Thursday, May 14, 2009

Prosit, Herr Schmidt

Wyman Schmidt was a leader in silvicultural research in the vast Northern Rocky Mountain area for 34 years. His studies and those of the group of scientists he led were directed at many tree species—western larch, ponderosa pine, lodgepole pine, whitebark pine, and others—and forest ecosystems at a wide range of elevations.

Schmidt was recognized as an excellent research program planner and manager. He effectively led a unit whose members were scattered over a wide geographic area and organized several international technical conferences attended by hundreds of scientists and resource managers. He also deserved honors as an entertainer.

The forester became a barbershop singer as a teenager. During Air Force service in the Korean War, he often was assigned to Special Services to provide entertainment at bases throughout the U.S. When fellow Forest Service research personnel met in Bozeman or Missoula, Montana, where Schmidt’s unit had offices, you could count on him to have arranged musical or audio-visual shows to help fill off-duty hours.

We had two major laboratories in Missoula, and two people in the unit I supervised were stationed there. It never was a chore to visit Missoula; I enjoyed the city. It just seemed to be a place populated with genuine, down-to-earth people like those I grew up with in the Midwest. It also had some pretty down-to-earth eating places, among them the Missoula Club (the Mo Club), the Oxford (the Ox), the Montana Club, and a pizza place whimsically named “Red Pies Over Montana” after a movie about forest fires and smokejumpers titled “Red Skies Over Montana.”

Schmidt knew how to take advantage of what was available locally to entertain a visitor, sometimes in novel ways. Around midnight after one lengthy Missoula meeting, he invited me to head downtown with him for a bite to eat. He picked the place as one with an unusual menu that included breakfast items served at the bar at all hours.

I ordered scrambled eggs. Schmidt poked me and whispered, “Watch this.” He told the bartender he wanted an order of brains.

The bartender whirled around and yelled to the cook at the top of his lungs, “He needs ‘em!”

Schmidt made several trips at the invitation of governments in Europe to provide expert advice on forestry activities. After a visit to Germany, he put together a slide show describing his trip. He offered it for viewing as an evening activity at a Montana meeting of fellow Research Station employees. The last slide pictured Schmidt raising a stein at the famous Hofbrauhaus in Munich during Octoberfest. He claimed his visit just happened to end in Munich.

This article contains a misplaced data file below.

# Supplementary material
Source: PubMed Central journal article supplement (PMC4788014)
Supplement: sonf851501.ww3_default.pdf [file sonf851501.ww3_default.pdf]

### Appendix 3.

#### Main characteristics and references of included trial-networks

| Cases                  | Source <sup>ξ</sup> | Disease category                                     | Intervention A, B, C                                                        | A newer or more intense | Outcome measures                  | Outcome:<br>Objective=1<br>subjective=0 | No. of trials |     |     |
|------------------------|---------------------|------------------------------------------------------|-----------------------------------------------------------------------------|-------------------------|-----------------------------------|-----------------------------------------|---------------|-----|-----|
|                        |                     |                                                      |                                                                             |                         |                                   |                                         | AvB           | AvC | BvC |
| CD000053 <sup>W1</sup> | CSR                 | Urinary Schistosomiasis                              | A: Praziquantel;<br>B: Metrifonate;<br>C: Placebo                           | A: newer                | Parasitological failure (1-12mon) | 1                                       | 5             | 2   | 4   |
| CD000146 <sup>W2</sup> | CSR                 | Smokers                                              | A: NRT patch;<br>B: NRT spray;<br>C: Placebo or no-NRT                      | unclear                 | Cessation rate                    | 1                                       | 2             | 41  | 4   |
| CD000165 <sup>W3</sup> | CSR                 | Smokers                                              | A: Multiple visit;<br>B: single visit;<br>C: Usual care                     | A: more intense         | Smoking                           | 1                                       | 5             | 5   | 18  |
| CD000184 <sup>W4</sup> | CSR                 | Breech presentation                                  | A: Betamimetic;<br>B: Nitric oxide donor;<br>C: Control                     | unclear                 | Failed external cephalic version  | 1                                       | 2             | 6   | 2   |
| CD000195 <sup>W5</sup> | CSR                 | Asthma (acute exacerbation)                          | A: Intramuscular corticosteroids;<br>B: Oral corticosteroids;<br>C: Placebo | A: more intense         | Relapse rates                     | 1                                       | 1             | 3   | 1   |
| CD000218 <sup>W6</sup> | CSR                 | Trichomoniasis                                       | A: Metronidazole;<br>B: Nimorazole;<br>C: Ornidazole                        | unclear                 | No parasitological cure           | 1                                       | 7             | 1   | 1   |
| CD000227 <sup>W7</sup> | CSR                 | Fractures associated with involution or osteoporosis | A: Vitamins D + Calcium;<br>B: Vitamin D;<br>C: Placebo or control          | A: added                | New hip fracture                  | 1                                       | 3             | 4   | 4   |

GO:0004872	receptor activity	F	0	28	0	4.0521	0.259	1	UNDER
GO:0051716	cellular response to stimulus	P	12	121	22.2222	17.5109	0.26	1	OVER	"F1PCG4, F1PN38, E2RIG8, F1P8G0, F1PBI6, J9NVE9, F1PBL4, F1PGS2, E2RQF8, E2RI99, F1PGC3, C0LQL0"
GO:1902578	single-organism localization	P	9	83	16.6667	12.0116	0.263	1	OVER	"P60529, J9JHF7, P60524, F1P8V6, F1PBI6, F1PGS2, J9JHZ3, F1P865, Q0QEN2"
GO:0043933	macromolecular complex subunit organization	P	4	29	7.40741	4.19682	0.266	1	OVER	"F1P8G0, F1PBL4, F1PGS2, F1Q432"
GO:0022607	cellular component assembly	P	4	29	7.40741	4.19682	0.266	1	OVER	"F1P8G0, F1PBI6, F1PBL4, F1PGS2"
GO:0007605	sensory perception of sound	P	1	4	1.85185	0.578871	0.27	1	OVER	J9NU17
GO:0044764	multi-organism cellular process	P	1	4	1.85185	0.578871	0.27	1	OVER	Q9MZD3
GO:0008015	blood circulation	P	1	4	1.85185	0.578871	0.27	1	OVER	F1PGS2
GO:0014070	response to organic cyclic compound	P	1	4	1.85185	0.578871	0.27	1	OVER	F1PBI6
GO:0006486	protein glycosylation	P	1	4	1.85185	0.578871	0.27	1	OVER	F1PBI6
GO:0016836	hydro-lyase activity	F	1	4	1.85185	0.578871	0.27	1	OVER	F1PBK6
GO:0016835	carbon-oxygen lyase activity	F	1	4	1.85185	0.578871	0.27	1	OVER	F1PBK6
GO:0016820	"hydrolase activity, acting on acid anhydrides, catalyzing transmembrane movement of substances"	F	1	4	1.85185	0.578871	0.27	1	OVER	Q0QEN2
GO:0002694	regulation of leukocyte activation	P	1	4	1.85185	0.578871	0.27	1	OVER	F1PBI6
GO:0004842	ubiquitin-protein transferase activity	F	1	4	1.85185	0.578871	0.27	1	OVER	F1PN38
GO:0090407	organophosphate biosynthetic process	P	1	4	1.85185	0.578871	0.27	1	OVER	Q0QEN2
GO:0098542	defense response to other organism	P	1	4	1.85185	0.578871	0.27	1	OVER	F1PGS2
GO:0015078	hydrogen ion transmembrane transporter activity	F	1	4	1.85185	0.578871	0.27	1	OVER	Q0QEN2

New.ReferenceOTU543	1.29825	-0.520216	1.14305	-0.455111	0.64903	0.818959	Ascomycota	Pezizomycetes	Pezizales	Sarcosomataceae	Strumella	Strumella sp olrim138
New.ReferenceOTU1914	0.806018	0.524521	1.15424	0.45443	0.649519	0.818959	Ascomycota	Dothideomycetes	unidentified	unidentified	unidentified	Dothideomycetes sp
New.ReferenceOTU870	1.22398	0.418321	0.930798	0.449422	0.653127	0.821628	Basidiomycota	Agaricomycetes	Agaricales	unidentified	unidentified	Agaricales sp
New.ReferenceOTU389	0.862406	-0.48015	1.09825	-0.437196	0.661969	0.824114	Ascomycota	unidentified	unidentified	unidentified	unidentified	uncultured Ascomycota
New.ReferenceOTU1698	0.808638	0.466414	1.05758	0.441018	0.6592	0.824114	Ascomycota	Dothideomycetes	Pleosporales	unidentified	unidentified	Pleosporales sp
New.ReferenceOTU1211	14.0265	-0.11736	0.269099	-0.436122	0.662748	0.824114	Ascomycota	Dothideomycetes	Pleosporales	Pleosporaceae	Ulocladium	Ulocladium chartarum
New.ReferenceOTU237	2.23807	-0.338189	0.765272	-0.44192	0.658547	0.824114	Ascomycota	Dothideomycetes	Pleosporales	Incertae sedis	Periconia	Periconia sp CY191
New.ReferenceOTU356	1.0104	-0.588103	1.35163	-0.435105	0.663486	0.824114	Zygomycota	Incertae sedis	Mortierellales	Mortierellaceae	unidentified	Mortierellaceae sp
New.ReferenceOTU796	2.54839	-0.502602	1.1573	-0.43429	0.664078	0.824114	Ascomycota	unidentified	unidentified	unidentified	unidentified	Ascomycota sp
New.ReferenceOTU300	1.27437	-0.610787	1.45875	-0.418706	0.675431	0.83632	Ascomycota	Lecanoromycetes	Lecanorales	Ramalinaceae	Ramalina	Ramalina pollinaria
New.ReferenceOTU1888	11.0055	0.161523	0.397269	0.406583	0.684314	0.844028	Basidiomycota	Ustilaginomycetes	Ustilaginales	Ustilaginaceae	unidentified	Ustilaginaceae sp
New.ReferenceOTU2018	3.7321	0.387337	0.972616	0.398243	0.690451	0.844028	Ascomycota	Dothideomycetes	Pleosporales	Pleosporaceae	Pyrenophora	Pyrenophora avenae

Schmidt got a lot of razzing about that. He was accused of arranging a boondoggle trip that allowed him to avoid work and spend most of his time in beer halls. He took all the kidding in stride, and figured out a subtle way to strike back.

Sometime later, Schmidt was sent to what was then Yugoslavia as a technical advisor. He again produced a slide show describing his activities, and attendees at another Research Station meeting were invited to a showing. The last slide showed Schmidt again toasting the audience--from a table in the Hofbrauhaus! He refused to answer any questions about how Munich had been relocated to the Balkans.

We stopped in Munich last month. Of course, we made a special visit to the Hofbrauhaus. Of particular interest was the wall of beer steins there, where personalized mugs are locked away for use only by their owners. Alas, we couldn’t find Schmidt’s stein. All were identified by numbers, not names. A few had pictures of the owner. Perhaps Schmidt’s was removed to be enshrined in a Munich tourist hall of fame somewhere else, but certainly not in Serbia or Croatia.

1 comment:

Anonymous said...

Thoroughly enjoyed reading this article about my father Wyman Schmidt. Dick Klade was actually quoted to me over the years, as Dad had so appreciated and utilized his advice about writing, particularly scientific writing. Prosit!